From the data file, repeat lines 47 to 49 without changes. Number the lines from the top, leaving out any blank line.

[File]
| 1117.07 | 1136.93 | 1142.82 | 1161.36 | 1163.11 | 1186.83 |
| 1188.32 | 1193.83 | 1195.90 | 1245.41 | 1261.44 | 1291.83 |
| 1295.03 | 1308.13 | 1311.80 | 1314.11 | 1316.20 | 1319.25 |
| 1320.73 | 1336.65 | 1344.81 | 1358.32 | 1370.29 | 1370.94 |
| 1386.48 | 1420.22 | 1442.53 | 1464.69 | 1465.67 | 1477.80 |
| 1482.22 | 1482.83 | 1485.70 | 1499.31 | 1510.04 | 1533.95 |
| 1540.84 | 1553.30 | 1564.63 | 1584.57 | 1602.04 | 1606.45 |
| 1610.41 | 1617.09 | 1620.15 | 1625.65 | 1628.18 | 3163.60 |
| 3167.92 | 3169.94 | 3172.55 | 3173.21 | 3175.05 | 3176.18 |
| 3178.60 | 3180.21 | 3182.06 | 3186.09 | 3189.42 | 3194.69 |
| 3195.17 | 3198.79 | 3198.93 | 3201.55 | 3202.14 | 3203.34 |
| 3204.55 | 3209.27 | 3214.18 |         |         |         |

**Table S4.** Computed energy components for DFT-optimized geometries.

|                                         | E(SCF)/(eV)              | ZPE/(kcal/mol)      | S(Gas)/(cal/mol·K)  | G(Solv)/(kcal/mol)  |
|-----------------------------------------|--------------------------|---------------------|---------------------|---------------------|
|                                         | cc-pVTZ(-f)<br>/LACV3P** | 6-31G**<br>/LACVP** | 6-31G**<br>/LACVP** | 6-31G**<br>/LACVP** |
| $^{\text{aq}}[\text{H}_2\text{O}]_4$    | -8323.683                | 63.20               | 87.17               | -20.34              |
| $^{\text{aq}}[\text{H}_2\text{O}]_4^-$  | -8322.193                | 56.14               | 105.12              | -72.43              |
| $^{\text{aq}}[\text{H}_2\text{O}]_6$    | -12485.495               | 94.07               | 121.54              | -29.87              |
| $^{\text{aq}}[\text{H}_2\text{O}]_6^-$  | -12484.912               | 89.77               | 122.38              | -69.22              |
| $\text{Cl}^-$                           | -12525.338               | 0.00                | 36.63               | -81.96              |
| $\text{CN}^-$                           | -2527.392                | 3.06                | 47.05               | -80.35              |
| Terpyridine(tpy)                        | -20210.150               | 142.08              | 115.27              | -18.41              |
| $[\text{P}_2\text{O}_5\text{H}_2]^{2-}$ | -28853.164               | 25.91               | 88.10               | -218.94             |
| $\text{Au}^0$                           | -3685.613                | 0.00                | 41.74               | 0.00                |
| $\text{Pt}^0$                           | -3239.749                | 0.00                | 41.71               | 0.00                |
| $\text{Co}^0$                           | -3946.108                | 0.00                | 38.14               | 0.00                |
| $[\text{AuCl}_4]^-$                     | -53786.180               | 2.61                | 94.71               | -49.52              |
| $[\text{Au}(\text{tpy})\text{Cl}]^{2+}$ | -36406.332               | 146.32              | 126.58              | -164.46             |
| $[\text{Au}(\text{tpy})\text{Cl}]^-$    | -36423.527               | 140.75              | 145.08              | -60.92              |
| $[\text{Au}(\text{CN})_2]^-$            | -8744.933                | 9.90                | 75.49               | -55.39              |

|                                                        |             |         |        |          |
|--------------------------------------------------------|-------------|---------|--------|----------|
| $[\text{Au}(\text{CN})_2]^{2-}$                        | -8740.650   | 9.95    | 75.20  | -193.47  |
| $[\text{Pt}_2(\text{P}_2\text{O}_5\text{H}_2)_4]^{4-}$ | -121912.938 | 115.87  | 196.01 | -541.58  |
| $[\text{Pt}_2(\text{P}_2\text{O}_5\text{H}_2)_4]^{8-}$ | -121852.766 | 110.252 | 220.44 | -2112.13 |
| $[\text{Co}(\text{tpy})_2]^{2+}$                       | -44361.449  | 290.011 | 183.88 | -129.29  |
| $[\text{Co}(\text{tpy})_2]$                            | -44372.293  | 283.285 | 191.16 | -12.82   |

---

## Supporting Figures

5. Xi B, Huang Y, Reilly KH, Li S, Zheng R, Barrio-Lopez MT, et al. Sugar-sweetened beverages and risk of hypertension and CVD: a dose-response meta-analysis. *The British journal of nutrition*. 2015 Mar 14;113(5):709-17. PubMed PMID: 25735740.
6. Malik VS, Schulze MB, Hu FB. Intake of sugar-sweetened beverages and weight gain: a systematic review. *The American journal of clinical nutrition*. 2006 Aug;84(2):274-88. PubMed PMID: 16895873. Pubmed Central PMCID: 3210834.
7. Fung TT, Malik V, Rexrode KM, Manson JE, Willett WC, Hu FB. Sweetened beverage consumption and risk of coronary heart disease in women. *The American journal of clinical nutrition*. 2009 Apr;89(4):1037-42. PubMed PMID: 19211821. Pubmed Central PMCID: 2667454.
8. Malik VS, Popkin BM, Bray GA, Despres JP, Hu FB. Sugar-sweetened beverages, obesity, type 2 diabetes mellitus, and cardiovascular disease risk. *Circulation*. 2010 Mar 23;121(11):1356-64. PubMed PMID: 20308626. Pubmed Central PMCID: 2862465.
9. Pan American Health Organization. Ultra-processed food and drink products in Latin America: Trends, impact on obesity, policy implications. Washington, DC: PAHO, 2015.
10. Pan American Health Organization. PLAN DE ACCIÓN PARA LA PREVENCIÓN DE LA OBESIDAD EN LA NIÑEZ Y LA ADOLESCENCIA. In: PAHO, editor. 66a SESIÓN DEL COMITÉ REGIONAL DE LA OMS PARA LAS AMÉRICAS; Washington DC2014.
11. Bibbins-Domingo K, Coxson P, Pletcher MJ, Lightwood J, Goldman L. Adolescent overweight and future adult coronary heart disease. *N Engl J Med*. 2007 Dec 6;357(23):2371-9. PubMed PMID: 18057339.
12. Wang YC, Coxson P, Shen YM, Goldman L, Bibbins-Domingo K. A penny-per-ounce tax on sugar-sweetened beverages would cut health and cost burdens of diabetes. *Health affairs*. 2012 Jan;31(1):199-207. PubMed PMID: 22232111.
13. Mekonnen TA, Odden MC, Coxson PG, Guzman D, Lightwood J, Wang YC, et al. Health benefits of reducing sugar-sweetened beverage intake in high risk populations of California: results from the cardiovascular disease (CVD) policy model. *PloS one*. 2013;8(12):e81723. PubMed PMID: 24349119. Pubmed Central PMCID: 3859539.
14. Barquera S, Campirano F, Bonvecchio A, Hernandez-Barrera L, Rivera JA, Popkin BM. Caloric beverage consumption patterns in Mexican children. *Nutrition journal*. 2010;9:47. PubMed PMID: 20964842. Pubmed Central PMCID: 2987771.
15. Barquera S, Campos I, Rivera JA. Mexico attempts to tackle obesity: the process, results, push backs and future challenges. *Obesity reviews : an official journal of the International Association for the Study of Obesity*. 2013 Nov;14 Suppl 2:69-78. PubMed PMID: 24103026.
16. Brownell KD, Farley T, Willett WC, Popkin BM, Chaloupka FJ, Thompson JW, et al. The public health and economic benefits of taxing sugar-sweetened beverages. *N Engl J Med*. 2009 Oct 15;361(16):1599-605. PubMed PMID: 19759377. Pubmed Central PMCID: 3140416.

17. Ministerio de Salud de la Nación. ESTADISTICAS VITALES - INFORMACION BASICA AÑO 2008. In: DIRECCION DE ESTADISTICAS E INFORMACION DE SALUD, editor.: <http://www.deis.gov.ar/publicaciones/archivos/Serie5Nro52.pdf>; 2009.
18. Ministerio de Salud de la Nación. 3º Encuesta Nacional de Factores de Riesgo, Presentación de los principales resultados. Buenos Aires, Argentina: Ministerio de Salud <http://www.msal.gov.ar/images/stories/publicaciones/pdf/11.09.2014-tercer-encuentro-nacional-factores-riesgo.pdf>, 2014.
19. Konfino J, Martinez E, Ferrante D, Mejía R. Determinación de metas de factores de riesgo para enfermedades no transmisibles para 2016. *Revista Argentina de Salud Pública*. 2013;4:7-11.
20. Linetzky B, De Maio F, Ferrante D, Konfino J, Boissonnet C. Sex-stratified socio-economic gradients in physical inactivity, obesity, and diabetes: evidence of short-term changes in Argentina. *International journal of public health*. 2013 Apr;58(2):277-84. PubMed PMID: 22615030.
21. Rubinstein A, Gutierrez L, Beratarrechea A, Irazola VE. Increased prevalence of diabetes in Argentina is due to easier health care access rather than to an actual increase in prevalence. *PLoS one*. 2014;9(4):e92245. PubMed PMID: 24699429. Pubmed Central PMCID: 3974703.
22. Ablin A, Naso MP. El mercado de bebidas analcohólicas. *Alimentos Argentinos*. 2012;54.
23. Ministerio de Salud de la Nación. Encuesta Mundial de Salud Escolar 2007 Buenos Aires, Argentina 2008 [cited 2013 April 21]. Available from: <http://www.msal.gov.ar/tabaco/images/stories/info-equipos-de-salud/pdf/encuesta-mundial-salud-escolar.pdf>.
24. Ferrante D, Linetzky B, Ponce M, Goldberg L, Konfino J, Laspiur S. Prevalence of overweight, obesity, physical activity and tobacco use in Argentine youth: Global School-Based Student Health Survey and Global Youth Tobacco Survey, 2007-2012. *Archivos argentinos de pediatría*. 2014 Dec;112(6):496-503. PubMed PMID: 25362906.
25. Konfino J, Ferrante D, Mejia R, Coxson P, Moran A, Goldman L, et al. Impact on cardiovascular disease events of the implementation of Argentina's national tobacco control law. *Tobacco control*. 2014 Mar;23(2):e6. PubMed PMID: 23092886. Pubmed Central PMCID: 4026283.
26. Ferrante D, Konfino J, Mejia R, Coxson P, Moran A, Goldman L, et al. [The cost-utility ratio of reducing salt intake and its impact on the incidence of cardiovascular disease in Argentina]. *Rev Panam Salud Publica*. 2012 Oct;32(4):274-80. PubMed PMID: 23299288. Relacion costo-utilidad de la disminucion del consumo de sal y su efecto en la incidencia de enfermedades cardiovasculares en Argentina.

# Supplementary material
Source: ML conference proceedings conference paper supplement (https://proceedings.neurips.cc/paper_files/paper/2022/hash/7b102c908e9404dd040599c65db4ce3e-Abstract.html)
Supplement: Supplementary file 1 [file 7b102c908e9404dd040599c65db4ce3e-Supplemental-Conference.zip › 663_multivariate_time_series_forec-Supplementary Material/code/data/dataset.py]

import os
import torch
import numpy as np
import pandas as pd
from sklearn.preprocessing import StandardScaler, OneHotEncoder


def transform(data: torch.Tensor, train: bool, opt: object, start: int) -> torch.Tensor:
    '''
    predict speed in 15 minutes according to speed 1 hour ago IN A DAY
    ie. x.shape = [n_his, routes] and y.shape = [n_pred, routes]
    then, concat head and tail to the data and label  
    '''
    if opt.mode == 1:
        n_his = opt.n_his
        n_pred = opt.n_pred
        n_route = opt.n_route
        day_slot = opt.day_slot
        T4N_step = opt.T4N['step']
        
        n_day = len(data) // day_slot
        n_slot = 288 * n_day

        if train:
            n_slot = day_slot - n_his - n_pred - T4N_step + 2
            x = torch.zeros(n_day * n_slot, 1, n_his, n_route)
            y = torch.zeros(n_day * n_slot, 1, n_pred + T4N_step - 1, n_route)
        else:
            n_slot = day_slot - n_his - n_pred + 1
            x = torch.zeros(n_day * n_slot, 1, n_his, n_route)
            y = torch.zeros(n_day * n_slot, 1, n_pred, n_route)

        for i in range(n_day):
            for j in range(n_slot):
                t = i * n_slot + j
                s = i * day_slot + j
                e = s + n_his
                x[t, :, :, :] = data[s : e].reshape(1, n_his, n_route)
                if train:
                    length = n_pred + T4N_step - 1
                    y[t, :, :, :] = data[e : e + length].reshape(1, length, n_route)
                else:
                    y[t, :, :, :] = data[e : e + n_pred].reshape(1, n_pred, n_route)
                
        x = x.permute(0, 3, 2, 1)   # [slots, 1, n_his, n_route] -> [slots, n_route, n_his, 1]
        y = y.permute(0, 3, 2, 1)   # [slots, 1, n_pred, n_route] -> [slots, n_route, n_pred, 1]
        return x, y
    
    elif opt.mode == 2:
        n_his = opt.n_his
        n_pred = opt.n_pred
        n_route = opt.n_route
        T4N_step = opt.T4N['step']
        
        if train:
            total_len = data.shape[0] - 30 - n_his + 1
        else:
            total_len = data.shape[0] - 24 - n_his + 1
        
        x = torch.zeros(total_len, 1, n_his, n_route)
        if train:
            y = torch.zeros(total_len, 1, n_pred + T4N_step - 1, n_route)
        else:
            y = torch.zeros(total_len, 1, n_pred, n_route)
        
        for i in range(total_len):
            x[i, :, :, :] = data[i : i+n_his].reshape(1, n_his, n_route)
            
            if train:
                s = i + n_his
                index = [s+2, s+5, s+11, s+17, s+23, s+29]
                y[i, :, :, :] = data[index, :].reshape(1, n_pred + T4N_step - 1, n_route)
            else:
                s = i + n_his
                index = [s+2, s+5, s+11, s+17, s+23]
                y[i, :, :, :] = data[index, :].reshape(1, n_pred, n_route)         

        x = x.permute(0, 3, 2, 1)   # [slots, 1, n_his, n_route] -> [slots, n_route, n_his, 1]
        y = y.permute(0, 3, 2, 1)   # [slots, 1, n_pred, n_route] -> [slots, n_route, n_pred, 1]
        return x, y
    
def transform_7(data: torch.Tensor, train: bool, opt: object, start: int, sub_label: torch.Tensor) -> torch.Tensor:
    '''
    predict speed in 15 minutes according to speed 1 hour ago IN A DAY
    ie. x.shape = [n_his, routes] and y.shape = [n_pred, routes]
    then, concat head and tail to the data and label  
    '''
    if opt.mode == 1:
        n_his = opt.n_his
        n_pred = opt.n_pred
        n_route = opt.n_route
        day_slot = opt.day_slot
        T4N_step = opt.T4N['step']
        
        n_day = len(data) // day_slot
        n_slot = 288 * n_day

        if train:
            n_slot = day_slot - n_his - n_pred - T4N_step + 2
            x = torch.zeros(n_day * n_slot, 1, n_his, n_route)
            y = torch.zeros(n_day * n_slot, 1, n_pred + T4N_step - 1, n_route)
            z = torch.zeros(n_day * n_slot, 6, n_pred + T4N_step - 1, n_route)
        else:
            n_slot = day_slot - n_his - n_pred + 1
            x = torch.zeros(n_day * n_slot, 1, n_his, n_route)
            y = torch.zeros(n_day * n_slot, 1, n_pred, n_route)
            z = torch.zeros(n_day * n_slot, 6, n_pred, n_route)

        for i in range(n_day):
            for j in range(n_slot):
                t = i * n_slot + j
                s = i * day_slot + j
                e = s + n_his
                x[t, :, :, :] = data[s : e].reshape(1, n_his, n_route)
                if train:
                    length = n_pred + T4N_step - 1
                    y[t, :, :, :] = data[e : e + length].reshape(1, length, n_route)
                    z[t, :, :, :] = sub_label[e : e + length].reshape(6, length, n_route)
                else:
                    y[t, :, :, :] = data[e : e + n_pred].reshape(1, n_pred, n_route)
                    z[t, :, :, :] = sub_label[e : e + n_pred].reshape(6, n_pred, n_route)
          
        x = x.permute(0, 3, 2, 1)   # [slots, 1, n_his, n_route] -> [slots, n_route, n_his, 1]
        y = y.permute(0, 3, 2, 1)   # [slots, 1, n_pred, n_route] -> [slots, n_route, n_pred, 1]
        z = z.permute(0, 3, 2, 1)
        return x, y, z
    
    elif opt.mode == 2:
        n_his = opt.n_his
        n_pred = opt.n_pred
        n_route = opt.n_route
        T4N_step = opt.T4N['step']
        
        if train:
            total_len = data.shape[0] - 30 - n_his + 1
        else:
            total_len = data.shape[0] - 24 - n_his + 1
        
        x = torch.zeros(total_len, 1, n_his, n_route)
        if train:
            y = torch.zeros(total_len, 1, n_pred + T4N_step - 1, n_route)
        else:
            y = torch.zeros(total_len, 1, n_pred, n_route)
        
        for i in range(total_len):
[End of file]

11. Bibbins-Domingo K, Coxson P, Pletcher MJ, Lightwood J, Goldman L. Adolescent overweight and future adult coronary heart disease. *N Engl J Med*. 2007 Dec 6;357(23):2371-9. PubMed PMID: 18057339.
12. Wang YC, Coxson P, Shen YM, Goldman L, Bibbins-Domingo K. A penny-per-ounce tax on sugar-sweetened beverages would cut health and cost burdens of diabetes. *Health affairs*. 2012 Jan;31(1):199-207. PubMed PMID: 22232111.
13. Mekonnen TA, Odden MC, Coxson PG, Guzman D, Lightwood J, Wang YC, et al. Health benefits of reducing sugar-sweetened beverage intake in high risk populations of California: results from the cardiovascular disease (CVD) policy model. *PloS one*. 2013;8(12):e81723. PubMed PMID: 24349119. Pubmed Central PMCID: 3859539.